Exclusive insight into processes and conditions in the Earth's interior
30 January 2020
Scientists involved in the Borexino Collaboration, among them researches from the PRISMA+ Cluster of Excellence of Johannes Gutenberg University Mainz (JGU), have presented new results for the measurement of neutrinos originating from the interior of the Earth, so called geoneutrinos. These elusive "ghost particles" rarely interact with matter, making their detection difficult. With the newly presented analysis, the researchers have now been able to access 53 events in Borexino, which is almost twice as many as in the previous analysis of the data. The results provide an exclusive insight into processes and conditions in the Earth's interior that remain puzzling to this day.
The Earth is shining, even if it is not at all visible to the naked eye. The reason for this is geoneutrinos, which are produced in radioactive decay processes in the interior of the Earth. Every second, about one million of these elusive particles penetrate every square centimeter of our planet's surface.
Borexino has been collecting data on neutrinos for more than ten years
The Borexino detector, located in the world's largest underground laboratory, the Laboratori Nazionali del Gran Sasso in Italy, is one of the few neutrino experiments in the world capable of observing these ghostly particles. Researchers have been using it to collect data on neutrinos since 2007. By 2019, they were able to register twice as many events as at the time of the last analysis in 2015 and to thus reduce the uncertainty of the measurements from 27 to 18 percent, which is also due to new analysis methods.
"Geoneutrinos are the only direct traces of the radioactive decays that occur inside the Earth and which produce an as yet unknown portion of the energy driving all the dynamics of our planet," explained Professor Livia Ludhova, one of the two current scientific coordinators of Borexino and head of the neutrino group at the Nuclear Physics Institute at Forschungszentrum Jülich.
The interior of the Earth is built up in three shells: the solid Earth's crust down to a depth of about 50 kilometers, the viscous Earth's mantle down to a depth of 2,900 kilometers, and the molten outer and the solid inner core of the Earth below. Current models expect a large part of the geoneutrino signal from the Earth's crust, a smaller contribution from the mantle, and practically no geoneutrinos from the core region. For the first time the researchers in the Borexino Collaboration have extracted with an improved statistical significance the signal of geoneutrinos coming from the Earth's mantle by exploiting the well-known contribution from the Earth's uppermost mantle and crust, the so called lithosphere.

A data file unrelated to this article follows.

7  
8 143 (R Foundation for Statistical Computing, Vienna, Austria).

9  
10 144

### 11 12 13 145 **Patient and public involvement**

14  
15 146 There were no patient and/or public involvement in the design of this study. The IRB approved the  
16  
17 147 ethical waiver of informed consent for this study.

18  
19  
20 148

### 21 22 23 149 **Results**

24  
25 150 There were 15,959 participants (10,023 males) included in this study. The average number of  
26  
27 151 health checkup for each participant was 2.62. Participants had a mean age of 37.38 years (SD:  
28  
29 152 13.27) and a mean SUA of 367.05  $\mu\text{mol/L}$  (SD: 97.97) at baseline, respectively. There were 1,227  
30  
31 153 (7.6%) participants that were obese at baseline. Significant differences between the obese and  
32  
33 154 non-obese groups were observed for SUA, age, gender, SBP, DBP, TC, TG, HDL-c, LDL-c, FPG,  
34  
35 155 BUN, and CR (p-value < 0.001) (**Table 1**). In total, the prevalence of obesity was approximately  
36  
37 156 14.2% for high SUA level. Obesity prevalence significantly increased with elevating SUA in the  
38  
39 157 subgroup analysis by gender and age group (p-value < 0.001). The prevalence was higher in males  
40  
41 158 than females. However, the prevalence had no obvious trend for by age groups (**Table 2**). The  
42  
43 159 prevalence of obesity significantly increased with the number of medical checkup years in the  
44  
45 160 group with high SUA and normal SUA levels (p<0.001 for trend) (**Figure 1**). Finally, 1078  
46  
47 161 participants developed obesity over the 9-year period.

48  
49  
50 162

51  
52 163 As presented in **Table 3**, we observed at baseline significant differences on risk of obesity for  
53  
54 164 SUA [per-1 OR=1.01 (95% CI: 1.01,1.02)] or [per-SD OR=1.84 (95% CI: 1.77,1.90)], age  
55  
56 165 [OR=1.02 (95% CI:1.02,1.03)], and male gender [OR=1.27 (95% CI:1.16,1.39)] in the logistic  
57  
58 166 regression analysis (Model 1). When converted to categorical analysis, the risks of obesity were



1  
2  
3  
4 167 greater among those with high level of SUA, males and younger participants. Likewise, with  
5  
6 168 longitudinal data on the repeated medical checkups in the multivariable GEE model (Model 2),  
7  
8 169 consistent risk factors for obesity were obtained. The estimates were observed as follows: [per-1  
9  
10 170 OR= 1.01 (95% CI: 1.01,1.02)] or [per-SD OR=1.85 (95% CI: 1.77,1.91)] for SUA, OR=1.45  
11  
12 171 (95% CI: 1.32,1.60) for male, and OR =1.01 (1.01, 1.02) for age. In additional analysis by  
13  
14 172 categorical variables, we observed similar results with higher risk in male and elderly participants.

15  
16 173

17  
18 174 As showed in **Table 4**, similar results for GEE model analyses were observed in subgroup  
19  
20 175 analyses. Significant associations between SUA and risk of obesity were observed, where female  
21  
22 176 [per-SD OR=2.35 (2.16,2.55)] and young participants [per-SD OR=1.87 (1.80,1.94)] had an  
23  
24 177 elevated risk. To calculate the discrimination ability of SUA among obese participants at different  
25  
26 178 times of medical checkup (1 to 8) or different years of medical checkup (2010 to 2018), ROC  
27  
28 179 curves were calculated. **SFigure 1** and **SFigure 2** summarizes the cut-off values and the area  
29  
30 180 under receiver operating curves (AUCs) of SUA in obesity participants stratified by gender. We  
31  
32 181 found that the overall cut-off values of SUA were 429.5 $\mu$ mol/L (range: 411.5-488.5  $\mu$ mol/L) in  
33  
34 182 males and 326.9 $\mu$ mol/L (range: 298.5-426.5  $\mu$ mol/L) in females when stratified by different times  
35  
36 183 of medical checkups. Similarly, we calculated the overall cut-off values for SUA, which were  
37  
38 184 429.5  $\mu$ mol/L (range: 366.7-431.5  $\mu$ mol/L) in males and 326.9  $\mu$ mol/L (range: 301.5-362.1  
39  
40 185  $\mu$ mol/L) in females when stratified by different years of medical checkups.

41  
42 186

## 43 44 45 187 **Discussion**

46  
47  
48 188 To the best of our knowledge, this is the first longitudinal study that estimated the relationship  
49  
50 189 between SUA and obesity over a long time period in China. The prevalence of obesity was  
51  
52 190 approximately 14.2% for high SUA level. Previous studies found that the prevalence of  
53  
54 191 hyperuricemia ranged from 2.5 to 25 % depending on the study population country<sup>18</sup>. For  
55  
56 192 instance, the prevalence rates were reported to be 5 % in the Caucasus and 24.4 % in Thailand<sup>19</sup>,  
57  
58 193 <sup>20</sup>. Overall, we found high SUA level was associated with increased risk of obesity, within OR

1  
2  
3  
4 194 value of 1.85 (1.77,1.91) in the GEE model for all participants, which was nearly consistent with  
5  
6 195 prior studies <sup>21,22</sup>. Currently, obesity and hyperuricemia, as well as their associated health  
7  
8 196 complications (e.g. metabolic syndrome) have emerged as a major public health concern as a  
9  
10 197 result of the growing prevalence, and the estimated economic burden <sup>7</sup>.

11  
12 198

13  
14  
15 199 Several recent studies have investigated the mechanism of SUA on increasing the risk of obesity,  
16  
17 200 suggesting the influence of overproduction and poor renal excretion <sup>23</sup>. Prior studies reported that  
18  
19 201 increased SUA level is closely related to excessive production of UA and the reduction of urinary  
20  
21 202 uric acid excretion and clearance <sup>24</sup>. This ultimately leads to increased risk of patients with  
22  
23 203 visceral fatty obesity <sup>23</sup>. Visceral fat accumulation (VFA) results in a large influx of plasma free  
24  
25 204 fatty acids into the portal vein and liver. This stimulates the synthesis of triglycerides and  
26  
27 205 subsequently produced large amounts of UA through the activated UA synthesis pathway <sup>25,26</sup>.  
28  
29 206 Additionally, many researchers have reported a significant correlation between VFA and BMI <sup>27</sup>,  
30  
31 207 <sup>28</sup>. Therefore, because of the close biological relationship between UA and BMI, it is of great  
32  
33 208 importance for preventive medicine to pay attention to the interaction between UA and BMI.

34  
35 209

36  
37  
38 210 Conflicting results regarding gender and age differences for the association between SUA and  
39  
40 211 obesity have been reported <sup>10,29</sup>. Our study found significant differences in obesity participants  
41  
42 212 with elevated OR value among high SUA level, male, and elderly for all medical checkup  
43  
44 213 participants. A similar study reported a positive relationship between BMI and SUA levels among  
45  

The intense magnetic field produced in the outer core, the unceasing volcanic activity, the movement of the tectonic plates, and mantle convection: The shell structure inside the Earth is in many ways unique in the entire solar system. Scientists have been discussing the question of where the Earth's internal heat comes from for over 200 years.
"The hypothesis that there is no longer any radioactivity at depth in the mantle can now be excluded at 99 percent confidence level for the first time. This makes it possible to establish lower limits for uranium and thorium abundances in the Earth's mantle," said Ludhova.
Interesting insights for Earth model calculations
These values are of interest for many different Earth model calculations. For example, it is highly probable, by about 85 percent, that radioactive decay processes inside the Earth generate more than half of the Earth's internal heat, while the rest is most probably largely derived from the original formation of the Earth. Radioactive processes in the Earth therefore provide a non-negligible portion of the energy that feeds volcanoes, earthquakes, and the Earth's magnetic field.
The Mainz scientists around Professor Michael Wurm, physicist at the Institute of Physics and the PRISMA+ Cluster of Excellence at Johannes Gutenberg University Mainz, have investigated how the underground generated by cosmic muons can be faded out as effectively as possible in data analysis. The problem: Cosmic muons are the only particles that have a sufficient range in the rock to reach the Borexino detector. Here, they sometimes produce signals delayed in time by radioactive decay, which at first glance cannot be distinguished from a real neutrino signal. "We have improved the analysis of muons and their subsequent events to the extent that less real signals from geoneutrinos have to be discarded," explained Wurm. "This allowed us to increase the usable data set by about ten percent. The detection of these cosmic underground sources is, so to speak, our specialty in the Borexino experiment."
The latest publication in Physical Review D not only presents the new results, but also explains the analysis in a comprehensive way from both the physics and geology perspectives, which will be helpful for next generation liquid scintillator detectors that will measure geoneutrinos. The next challenge for research with geoneutrinos is now to be able to measure geoneutrinos from the Earth's mantle with greater precision, perhaps with detectors distributed at different positions on our planet. One such detector will be the JUNO detector in China, where the Nuclear Physics Institute at Jülich and the Mainz neutrino group are also involved. The detector will be 70 times bigger than Borexino, which helps in achieving higher statistical significance in a short time span.